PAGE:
Julie Delpy’s richly observed 2 Days in Paris details a collapsing relationship abroad.
Thursday, September 13, 2007
From a distance, 2 Days in Paris seems to be constructed entirely of cinematic readymades. There’s the City of Light itself, renowned as a backdrop to romance. And writer-director Julie Delpy, playing a chatty, love-loving young Frenchwoman, much as she did in Before Sunrise and Before Sunset. Plus Adam Goldberg, seemingly substituting for Ethan Hawke as the oversensitive American abroad. It’s as if the film was designed to be mistaken for the third installment in Richard Linklater’s Before trilogy.
To certain extent, it was. Delpy, an NYU film school graduate who’s been struggling for years to make her first feature, decided to accede to other people’s expectations – to a point. Like Before Sunrise, 2 Days in Paris opens on a train somewhere in picturesque Europe. But this time the destination is not the euphoria of budding romance. Marion (Delpy) and Jack (Goldberg) have been together for two years, and are highly aware of each other’s faults. Their trip to Venice has been a disaster, as Delpy reveals in a quick-cut series of flashbacks that owes less to Linklater than Roger Avary (who directed the actress in the underrated Killing Zoe.) Paris will be worse.
A highly tattooed New York interior decorator, Jack is a hypochondriac and neat freak; he’d like to wipe down the entire city with sanitizing gel. So it’s no surprise that he hates France and the French almost as much as it and they seem to hate him. The twist is that Marion, a photographer who now lives in New York, doesn’t like Paris that much herself. She can’t resist confronting “fascist” cab drivers, and has a contentious relationship with her parents (played by Delpy’s actual mother and father, veteran actors Marie Pillet and Albert Delpy). The city teems with Marion’s ex-boyfriends, most of whom she’s happy to see. When she meets one of them, however, she makes a terrible scene. As such episodes accumulate, Jack and Marion gradually switch roles, until he almost seems the reasonable one.
Nothing irredeemable happens. Marion’s wonderfully obnoxious dad taunts his possible son-in-law about his aversion to the French appetite for baby mammals, and Jack suffers mold allergies, a pretentious party, and a group of American Da Vinci Code-breakers. Also, he’s briefly arrested and barely avoids a burger-joint bombing. But the real source of Jack and Marion’s hysteria is their own relationship. They’re both too tightly wound to let any possible provocation slide, so the more mishaps, however trivial, the more inclined they are to believe that their affair is doomed. After a spat about sex, Marion falls asleep while Jack watches a classic movie that exemplifies his increasingly paranoid mood: M, Fritz Lang’s edgy account of the hunt for a child murderer.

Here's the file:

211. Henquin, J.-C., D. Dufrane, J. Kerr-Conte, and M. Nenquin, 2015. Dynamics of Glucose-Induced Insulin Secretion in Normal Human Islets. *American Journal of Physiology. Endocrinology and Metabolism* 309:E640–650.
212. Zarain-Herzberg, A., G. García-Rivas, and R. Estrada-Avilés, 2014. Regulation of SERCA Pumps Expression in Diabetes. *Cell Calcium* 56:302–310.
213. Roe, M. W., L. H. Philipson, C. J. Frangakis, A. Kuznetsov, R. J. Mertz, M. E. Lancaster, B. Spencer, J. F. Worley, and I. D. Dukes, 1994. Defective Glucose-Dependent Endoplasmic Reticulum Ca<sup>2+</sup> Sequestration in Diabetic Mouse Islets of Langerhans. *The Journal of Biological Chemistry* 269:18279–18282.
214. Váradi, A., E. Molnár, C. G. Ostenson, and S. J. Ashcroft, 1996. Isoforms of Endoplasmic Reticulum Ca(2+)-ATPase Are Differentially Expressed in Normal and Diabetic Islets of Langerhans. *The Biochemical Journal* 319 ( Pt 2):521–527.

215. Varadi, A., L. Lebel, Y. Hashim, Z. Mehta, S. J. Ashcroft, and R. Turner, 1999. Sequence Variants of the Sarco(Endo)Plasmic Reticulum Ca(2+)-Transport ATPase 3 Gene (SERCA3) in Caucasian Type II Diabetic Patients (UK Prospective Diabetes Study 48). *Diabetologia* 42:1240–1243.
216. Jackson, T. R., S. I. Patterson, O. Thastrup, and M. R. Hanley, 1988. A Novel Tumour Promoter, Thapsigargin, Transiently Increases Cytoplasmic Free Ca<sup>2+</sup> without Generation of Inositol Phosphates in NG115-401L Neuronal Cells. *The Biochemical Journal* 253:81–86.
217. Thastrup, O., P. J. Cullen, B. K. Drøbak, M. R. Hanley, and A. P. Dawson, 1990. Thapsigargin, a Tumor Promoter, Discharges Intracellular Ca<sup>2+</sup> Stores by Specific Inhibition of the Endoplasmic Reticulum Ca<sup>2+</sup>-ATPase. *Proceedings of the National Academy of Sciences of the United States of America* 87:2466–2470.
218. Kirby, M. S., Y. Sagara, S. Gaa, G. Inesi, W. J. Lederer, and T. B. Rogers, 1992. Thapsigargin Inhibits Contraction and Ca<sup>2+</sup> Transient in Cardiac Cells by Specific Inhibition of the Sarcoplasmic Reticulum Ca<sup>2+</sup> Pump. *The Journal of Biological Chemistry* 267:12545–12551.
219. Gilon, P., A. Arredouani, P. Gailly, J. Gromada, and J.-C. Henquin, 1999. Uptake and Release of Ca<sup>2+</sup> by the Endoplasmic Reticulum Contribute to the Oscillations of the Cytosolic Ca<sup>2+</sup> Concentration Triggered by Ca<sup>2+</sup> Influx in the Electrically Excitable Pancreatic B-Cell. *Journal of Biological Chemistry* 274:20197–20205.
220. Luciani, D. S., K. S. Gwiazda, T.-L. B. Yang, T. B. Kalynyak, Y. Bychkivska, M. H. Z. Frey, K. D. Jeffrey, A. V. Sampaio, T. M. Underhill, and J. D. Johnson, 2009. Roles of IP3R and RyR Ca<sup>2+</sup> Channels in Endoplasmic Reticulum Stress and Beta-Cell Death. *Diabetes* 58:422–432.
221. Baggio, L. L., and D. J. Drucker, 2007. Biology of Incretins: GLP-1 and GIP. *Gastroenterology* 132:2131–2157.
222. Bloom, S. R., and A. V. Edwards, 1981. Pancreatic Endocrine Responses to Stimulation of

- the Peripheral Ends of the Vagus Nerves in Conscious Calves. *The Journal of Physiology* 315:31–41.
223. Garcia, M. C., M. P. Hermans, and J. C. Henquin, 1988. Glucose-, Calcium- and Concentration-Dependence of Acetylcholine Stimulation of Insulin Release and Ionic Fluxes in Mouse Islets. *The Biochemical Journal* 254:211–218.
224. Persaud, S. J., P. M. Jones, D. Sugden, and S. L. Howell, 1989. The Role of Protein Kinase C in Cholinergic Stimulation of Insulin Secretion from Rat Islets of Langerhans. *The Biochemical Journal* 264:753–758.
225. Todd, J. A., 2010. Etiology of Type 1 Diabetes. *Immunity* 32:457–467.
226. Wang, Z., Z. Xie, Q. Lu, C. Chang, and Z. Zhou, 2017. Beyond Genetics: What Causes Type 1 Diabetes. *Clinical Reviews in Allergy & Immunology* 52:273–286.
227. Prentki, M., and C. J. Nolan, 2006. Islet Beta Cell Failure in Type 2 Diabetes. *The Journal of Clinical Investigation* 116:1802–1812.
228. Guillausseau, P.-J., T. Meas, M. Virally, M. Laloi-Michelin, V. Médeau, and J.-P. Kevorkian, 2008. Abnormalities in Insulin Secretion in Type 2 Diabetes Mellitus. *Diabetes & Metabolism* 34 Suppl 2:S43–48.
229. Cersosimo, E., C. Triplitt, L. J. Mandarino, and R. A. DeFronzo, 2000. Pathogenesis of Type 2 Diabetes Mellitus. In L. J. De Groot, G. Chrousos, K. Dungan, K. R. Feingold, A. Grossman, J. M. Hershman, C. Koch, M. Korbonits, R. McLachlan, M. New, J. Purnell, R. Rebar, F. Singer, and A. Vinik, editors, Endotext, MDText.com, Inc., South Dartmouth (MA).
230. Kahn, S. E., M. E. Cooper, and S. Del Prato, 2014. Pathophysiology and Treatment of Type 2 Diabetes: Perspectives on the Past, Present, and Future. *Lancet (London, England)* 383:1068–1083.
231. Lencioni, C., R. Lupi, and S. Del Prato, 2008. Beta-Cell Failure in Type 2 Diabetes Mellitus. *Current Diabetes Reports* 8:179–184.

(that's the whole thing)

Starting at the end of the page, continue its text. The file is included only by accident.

Delpy, who also scored the film and can be heard singing with Nouvelle Vague on the soundtrack, clearly modeled aspects of Marion’s character on her own. She even cast her own cat in the film, and named him Jean-Luc after Godard, who directed her in King Lear and Detective and encouraged her to become a filmmaker. And since Goldberg is a real-life ex, Delpy was able to draw on intimate details of his life and neuroses. The resulting characterizations are richly detailed and basically plausible, if clearly exaggerated for comic effect. Both Marion and Jack can be grating, but they’re never merely generic rom-com types.
Ultimately, it’s the rom-com format that hampers the film. Delpy sometimes gives the impression that she wanted to go further, but decided to play it safe. The story needs more unexpected moments like the odd aside about an anti-globalist “fairy” (played by Goodbye, Lenin star Daniel Bruhl) who counsels Jack about love and fast food. Still, the movie is more pointed than most humorous tales of romantic mismatches, as well as most directorial debuts. For Marion and Jack, 2 Days in Paris is a trial. For Delpy, it’s a test she very nearly aced.
2 DAYS IN PARIS ( * * * )
Directed by Julie Delpy. • Starring Julie Delpy, Adam Goldberg and Daniel Bruhl. • R, 96 min. • At the Osio Cinemas.